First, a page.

Project Details


Because life at the molecular level is the chemistry of carbon containing compounds, reactions that make carbon-carbon bonds are particularly valuable. A challenge for making compounds from carbon is the formation of closely related versions or isomers as products from a single reaction. The most closely related isomers are called stereoisomers, otherwise identical compounds, but mirror images of each other. The proposal envisions harnessing the power of biological transformations for carbon-carbon bond formation that make single stereoisomers for the production of practical compounds like pharmaceuticals. The reactions would not only be exquisitely specific, but also environmentally friendly, or 'green' by using only natural materials and gentle conditions. The research plan involves the re-engineering of proteins using recombinant DNA technology so that they specifically make high-value products. The projects that make up the plan will enable interdisciplinary training of graduate students, postdoctoral fellows and undergraduates in the fields of enzymology, molecular biology, protein engineering, and chemical synthesis. With this award, the Chemistry of Life Processes Program in the Chemistry Division is funding Drs. Frank Jordan and Edgardo T. Farinas, of Rutgers University-Newark Campus and the New Jersey Institute of Technology, respectively, to undertake enzymatic synthesis of chiral alpha-hydroxy ketones for pharmaceuticals, and fine chemicals for synthesis of larger molecules. For the first time the 2-oxoglutarate dehydrogenase multienzyme complex (OGHDc), both human and E. coli, and 2-hydroxy-3-oxoadipate synthase from Mycobacterium tuberculosis (HOAS), will be engineered to create these compounds. The principal investigators have already demonstrated that the first OGDHc component (E1o) is an efficient biocatalyst using the physiological substrate. To enhance the power of this carboligation reaction, they will: (1) Engineer residues from the substrate binding site selected from X-ray structures of the E1os and HOAS to accept a variety of substrates for efficient enzymatic synthesis of alpha-hydroxy ketones, with high enantiomeric excess (ee) and yield; (2) Explore alterations in the chemical nature of donor 2-oxo acid and of acceptor aldehyde. (3) Advance the field of biocatalysis by engineering not only E1os but the second E2o core component of OGDHc to accept unnatural substrates leading to acyl-coenzyme A analogues participating in many metabolic pathways; (4) Explore the mechanism of intra-E2o component acyl transfer to coenzyme A.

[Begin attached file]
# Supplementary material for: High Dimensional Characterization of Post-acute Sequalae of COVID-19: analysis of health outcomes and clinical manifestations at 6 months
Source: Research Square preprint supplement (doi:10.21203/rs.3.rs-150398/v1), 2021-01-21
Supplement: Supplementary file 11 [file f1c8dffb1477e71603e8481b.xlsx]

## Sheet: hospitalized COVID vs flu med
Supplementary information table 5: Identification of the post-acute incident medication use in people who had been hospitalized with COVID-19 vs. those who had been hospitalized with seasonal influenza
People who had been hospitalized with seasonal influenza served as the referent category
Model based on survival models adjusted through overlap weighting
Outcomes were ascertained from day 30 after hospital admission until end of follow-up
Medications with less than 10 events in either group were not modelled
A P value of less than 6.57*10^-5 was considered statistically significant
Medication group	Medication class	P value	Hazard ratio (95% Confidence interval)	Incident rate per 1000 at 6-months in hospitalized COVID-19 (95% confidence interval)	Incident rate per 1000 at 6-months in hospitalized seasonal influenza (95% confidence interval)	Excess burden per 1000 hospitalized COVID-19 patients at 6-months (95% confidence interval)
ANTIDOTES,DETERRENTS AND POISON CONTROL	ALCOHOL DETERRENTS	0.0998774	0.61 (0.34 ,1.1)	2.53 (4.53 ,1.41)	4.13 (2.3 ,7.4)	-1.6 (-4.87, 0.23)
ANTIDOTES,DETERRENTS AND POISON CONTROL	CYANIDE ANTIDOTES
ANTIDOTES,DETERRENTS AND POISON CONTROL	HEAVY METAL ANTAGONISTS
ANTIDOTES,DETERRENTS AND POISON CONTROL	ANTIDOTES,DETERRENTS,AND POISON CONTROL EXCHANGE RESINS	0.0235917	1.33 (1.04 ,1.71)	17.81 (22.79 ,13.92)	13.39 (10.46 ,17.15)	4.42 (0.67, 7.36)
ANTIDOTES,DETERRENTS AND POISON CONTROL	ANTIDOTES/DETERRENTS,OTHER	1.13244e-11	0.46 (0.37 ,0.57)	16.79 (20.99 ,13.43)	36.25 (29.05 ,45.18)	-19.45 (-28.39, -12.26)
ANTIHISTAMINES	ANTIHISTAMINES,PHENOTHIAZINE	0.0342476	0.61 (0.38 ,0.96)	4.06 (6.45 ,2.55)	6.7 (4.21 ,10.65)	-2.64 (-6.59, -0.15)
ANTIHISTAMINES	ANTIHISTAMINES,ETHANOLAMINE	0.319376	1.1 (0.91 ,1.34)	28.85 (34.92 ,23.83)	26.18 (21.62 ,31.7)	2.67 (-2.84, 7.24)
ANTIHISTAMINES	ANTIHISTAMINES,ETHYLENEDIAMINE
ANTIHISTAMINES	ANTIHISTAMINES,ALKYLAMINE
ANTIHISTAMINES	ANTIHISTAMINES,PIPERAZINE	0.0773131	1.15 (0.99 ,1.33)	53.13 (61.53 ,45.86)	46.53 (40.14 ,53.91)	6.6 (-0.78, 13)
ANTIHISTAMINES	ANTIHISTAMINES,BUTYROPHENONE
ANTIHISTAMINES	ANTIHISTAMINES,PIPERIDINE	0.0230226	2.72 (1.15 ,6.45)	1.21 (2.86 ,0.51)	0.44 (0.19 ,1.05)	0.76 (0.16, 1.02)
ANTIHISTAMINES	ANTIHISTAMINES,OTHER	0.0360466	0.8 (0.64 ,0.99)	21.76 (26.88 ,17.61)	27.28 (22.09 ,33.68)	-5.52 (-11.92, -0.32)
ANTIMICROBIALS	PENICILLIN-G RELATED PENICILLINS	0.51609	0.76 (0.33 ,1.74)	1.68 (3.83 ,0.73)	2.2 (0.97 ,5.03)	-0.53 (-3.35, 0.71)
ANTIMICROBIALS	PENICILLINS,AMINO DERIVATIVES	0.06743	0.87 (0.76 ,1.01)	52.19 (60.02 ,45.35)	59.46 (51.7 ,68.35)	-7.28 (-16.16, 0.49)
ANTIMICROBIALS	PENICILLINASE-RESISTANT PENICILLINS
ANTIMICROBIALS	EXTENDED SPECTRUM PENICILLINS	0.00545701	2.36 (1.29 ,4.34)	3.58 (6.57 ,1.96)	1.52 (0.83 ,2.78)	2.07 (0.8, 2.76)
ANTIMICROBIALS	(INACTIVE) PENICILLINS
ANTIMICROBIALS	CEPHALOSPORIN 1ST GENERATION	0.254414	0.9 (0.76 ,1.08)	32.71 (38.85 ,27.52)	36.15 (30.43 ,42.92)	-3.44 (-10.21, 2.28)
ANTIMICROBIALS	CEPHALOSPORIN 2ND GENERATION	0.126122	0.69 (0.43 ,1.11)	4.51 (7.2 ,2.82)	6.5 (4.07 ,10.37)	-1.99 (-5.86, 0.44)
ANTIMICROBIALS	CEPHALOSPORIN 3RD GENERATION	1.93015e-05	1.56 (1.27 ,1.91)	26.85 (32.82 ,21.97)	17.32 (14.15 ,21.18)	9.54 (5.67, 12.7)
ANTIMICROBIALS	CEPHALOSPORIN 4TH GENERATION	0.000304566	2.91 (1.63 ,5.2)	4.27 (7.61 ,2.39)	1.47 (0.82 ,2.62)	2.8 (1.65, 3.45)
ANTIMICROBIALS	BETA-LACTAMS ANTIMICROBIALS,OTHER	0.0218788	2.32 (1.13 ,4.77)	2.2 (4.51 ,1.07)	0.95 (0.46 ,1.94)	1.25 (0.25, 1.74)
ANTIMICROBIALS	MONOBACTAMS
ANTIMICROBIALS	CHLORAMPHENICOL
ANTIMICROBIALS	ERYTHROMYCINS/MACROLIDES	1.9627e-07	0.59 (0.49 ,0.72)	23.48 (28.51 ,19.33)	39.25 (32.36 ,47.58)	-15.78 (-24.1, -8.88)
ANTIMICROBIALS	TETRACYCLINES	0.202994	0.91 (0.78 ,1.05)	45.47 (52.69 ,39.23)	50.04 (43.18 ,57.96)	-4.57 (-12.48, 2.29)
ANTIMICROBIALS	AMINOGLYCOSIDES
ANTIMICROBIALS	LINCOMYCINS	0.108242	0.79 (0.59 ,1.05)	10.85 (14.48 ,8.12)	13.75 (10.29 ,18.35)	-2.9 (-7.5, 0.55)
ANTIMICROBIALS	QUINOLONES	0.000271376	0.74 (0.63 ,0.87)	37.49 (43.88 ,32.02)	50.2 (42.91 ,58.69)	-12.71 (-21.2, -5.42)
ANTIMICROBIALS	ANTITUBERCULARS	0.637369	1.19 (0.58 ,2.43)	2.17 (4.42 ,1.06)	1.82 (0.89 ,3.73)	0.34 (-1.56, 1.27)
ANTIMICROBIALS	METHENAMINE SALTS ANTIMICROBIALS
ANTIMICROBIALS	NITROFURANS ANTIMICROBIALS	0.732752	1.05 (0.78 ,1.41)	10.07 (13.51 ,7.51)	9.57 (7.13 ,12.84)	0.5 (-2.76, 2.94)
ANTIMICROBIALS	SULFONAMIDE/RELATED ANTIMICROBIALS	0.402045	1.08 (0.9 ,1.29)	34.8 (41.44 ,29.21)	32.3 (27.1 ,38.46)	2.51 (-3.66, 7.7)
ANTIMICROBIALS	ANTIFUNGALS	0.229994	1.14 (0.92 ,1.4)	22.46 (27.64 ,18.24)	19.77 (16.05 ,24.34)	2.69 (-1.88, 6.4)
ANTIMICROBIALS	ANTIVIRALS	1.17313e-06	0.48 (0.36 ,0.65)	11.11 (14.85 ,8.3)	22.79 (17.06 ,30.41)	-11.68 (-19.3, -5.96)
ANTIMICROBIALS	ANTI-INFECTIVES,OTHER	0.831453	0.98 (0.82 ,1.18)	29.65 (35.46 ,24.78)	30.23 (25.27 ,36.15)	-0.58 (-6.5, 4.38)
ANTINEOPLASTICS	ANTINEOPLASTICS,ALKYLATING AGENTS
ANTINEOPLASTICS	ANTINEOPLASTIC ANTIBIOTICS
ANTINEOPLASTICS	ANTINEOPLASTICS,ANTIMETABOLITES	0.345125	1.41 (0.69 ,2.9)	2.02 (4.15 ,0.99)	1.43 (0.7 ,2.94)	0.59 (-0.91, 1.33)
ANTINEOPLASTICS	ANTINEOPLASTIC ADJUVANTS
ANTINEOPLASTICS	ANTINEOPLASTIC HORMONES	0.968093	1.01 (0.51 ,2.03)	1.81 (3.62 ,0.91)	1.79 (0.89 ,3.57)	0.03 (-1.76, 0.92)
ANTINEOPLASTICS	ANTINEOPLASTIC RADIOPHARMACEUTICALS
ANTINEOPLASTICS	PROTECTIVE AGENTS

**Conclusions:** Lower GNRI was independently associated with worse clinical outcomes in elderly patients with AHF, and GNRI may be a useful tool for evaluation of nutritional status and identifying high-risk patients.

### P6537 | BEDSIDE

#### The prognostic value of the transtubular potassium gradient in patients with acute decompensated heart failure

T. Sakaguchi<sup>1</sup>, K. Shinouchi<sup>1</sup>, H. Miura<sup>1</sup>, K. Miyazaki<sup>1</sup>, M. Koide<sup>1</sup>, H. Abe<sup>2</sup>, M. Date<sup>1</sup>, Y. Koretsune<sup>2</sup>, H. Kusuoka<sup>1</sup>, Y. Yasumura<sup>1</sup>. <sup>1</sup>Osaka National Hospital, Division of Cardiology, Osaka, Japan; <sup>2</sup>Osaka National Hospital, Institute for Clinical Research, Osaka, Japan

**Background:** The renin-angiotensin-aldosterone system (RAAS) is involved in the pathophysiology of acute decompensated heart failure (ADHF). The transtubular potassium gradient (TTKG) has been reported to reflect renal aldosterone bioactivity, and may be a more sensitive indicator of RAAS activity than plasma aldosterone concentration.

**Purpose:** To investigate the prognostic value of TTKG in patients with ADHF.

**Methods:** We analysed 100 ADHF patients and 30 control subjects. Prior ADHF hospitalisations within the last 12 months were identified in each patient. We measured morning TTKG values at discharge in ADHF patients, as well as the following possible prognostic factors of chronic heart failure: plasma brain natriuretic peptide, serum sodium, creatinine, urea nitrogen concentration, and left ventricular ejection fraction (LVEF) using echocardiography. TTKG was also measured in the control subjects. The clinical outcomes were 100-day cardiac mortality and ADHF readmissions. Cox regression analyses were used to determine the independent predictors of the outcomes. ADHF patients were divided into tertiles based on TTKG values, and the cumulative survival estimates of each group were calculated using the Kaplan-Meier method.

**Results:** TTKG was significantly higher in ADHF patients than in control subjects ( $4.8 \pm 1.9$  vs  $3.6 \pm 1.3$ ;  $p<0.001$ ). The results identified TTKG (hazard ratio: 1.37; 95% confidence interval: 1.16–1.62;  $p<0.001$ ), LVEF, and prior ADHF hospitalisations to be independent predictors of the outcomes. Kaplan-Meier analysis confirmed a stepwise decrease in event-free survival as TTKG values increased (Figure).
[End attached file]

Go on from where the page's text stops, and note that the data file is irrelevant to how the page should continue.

Effective start/end date8/1/147/31/17


  • National Science Foundation (National Science Foundation (NSF))


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